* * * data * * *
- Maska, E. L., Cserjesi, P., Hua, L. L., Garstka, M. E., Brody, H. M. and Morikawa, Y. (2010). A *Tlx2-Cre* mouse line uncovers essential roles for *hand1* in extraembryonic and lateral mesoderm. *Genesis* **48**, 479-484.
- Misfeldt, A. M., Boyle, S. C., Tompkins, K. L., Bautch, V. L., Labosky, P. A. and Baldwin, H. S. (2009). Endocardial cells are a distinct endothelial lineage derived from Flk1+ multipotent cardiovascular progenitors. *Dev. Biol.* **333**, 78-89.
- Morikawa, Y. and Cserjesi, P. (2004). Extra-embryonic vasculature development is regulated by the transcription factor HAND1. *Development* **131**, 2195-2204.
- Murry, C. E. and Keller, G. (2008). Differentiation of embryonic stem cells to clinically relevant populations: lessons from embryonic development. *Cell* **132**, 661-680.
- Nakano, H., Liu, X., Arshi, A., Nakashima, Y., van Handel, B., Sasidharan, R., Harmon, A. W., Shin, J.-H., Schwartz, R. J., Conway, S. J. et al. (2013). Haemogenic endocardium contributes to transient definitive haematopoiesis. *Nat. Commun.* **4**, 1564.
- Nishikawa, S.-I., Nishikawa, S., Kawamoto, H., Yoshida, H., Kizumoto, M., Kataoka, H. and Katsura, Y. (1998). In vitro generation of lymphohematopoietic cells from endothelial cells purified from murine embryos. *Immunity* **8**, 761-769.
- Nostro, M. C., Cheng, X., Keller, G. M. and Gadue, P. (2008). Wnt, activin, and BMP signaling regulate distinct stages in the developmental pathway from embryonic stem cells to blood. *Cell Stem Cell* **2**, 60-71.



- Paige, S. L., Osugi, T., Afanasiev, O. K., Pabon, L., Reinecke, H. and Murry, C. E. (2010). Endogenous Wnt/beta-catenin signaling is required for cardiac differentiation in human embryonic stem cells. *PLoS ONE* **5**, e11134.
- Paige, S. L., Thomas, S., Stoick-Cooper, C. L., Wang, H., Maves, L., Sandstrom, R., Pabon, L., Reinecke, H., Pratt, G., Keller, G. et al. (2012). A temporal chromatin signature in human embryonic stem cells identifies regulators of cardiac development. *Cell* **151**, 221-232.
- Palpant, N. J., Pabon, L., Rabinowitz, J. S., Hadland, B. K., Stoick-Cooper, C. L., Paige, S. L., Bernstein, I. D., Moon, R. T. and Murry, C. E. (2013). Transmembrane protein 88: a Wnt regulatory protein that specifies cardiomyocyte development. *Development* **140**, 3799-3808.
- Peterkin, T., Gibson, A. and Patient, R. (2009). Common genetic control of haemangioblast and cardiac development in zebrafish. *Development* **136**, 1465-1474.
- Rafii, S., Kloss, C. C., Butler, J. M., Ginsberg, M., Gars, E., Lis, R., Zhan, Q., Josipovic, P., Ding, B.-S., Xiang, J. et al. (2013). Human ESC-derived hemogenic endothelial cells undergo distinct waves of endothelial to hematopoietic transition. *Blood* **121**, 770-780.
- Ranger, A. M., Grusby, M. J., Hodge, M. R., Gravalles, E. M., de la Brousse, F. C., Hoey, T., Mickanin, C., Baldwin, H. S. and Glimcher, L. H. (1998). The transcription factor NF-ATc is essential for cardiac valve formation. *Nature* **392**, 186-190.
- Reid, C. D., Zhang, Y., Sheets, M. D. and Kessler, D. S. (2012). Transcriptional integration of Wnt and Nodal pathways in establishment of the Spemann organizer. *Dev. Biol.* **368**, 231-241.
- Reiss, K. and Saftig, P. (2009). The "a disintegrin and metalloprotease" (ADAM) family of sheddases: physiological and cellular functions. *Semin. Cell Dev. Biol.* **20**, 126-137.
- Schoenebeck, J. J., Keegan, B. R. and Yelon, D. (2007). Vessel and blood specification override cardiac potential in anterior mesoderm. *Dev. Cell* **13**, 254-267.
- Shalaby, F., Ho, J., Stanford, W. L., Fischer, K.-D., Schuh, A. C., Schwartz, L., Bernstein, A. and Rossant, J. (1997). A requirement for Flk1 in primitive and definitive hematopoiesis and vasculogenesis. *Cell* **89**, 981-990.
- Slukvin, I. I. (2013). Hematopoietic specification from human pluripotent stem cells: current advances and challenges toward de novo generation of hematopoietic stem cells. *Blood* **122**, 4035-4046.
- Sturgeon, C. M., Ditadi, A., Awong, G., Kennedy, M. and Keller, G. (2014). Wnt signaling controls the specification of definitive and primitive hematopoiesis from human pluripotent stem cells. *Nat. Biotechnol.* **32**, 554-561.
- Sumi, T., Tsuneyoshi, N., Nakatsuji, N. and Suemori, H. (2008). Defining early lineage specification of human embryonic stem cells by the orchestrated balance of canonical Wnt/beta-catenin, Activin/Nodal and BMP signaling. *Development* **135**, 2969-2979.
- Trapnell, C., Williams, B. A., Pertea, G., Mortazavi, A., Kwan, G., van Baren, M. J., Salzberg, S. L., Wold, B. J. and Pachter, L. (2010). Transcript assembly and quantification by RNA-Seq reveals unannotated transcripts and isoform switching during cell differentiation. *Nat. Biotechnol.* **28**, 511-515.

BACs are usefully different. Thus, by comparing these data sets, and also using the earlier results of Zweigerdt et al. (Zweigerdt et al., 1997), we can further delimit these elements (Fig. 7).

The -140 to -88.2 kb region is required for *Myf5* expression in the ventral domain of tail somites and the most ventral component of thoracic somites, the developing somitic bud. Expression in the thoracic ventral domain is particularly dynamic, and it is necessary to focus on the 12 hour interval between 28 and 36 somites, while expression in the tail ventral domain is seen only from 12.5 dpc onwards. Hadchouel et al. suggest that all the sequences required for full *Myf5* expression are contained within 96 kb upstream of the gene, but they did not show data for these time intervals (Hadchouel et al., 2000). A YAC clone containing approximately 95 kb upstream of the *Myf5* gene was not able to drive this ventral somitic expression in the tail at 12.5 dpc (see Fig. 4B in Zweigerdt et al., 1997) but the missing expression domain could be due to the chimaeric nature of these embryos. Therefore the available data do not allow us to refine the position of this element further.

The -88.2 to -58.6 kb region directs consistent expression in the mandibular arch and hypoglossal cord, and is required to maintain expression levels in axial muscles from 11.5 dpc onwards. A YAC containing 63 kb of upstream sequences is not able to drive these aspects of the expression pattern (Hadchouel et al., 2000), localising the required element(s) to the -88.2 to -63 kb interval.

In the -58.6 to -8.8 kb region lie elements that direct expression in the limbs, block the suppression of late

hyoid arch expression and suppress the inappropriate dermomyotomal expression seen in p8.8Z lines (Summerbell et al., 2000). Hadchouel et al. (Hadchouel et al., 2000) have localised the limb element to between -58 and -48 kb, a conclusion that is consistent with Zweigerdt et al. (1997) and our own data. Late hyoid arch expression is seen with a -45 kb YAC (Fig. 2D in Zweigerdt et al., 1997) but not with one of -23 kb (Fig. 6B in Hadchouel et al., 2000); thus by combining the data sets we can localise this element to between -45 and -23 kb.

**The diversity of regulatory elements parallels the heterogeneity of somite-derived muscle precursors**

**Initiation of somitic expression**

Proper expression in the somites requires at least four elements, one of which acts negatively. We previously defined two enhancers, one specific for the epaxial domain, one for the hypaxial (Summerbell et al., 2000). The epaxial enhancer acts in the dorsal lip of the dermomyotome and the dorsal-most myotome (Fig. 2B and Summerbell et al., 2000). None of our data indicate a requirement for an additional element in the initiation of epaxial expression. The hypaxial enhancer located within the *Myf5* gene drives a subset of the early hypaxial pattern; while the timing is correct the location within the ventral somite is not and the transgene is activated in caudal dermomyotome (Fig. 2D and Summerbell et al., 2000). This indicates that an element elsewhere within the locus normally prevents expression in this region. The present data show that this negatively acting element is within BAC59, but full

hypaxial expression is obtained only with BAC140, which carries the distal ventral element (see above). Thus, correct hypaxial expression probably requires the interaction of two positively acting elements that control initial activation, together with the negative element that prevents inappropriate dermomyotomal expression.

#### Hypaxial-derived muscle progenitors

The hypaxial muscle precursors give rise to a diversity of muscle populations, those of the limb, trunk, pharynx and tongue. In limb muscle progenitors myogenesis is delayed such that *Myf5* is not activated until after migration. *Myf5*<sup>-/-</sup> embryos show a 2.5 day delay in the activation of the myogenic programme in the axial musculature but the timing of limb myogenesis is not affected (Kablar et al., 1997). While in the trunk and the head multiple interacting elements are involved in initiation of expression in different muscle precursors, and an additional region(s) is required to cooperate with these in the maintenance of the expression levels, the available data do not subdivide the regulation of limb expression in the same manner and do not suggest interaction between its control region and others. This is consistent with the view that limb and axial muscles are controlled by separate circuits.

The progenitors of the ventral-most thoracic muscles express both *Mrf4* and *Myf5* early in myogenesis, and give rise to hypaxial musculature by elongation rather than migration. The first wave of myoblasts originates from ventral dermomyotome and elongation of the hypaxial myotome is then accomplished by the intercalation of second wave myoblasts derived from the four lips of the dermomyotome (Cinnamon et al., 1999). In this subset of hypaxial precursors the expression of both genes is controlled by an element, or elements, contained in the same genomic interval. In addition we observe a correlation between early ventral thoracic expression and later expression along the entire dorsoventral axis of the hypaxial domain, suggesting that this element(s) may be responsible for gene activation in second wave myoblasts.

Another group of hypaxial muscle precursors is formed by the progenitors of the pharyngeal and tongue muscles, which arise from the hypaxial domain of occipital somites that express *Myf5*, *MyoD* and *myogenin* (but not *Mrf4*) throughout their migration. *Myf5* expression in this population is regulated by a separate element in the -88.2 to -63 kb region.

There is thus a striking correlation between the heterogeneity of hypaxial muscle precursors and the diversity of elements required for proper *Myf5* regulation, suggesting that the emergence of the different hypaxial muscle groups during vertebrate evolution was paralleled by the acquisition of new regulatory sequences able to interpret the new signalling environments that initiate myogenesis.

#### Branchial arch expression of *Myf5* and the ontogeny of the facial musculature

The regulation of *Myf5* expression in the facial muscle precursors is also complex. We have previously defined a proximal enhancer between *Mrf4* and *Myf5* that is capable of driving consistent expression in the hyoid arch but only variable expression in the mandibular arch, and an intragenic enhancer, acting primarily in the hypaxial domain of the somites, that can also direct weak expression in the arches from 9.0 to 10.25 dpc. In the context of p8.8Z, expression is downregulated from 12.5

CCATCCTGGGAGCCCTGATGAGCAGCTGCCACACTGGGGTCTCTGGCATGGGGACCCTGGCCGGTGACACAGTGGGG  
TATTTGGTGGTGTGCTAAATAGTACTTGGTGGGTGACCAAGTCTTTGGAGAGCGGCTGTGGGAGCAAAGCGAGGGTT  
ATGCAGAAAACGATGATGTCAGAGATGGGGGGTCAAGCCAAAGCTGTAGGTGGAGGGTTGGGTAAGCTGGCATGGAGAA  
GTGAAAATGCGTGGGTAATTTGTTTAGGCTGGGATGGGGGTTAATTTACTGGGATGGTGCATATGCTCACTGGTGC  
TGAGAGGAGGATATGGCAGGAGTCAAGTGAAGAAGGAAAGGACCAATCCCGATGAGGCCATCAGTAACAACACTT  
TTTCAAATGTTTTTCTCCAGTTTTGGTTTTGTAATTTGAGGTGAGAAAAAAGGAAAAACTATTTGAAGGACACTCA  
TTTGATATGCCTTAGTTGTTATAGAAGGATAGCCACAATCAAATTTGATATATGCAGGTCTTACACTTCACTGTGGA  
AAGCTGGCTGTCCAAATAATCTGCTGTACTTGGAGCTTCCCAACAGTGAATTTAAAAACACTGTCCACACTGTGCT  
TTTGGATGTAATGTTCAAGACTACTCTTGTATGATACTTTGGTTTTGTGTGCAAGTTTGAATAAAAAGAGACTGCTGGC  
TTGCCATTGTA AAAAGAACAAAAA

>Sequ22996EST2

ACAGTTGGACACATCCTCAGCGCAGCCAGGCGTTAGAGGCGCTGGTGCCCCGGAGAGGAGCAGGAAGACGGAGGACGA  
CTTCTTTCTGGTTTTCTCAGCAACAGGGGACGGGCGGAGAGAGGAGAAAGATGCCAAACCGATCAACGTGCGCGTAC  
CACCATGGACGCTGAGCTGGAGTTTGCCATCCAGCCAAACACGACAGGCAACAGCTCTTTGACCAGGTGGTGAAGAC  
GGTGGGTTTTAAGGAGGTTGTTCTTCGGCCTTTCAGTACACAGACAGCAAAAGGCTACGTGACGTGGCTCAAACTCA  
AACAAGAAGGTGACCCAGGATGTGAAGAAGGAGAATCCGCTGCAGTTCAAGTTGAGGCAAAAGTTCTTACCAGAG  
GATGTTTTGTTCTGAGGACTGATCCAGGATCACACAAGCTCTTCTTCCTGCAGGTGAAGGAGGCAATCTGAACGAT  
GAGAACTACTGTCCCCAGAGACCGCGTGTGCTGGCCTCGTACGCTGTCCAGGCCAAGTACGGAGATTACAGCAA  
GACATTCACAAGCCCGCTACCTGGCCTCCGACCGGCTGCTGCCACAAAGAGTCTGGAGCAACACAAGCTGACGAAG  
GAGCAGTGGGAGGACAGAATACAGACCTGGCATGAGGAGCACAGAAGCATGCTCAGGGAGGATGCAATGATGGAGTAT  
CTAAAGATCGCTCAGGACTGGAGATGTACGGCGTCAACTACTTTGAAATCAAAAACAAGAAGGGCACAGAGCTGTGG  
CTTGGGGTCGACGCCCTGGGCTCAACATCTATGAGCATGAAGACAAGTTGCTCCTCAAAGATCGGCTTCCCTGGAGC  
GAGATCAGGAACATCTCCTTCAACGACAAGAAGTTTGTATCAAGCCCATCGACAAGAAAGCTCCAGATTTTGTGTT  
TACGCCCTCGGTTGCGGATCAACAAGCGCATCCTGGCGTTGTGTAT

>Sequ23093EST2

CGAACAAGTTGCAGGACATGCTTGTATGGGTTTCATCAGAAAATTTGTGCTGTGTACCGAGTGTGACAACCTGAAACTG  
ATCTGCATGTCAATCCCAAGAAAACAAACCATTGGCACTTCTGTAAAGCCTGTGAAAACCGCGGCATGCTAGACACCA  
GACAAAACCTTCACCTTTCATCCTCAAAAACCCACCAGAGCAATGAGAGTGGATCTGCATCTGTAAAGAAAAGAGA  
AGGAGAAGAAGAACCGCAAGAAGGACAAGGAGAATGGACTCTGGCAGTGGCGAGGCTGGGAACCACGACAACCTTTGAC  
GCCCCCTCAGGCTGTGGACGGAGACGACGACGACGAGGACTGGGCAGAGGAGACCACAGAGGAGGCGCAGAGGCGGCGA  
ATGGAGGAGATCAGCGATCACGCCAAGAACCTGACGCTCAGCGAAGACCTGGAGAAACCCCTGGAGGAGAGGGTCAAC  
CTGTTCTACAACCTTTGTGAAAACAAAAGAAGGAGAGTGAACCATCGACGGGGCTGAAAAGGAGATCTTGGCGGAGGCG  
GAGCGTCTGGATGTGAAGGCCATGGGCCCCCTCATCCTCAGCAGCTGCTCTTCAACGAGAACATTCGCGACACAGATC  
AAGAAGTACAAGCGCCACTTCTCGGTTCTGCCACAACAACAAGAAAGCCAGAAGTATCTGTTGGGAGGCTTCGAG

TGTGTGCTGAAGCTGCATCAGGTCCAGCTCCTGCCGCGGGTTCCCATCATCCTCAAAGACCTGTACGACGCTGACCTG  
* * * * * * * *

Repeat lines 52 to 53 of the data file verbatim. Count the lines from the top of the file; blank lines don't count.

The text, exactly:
GGTGGGTTTTAAGGAGGTTGTTCTTCGGCCTTTCAGTACACAGACAGCAAAAGGCTACGTGACGTGGCTCAAACTCA  
AACAAGAAGGTGACCCAGGATGTGAAGAAGGAGAATCCGCTGCAGTTCAAGTTGAGGCAAAAGTTCTTACCAGAG  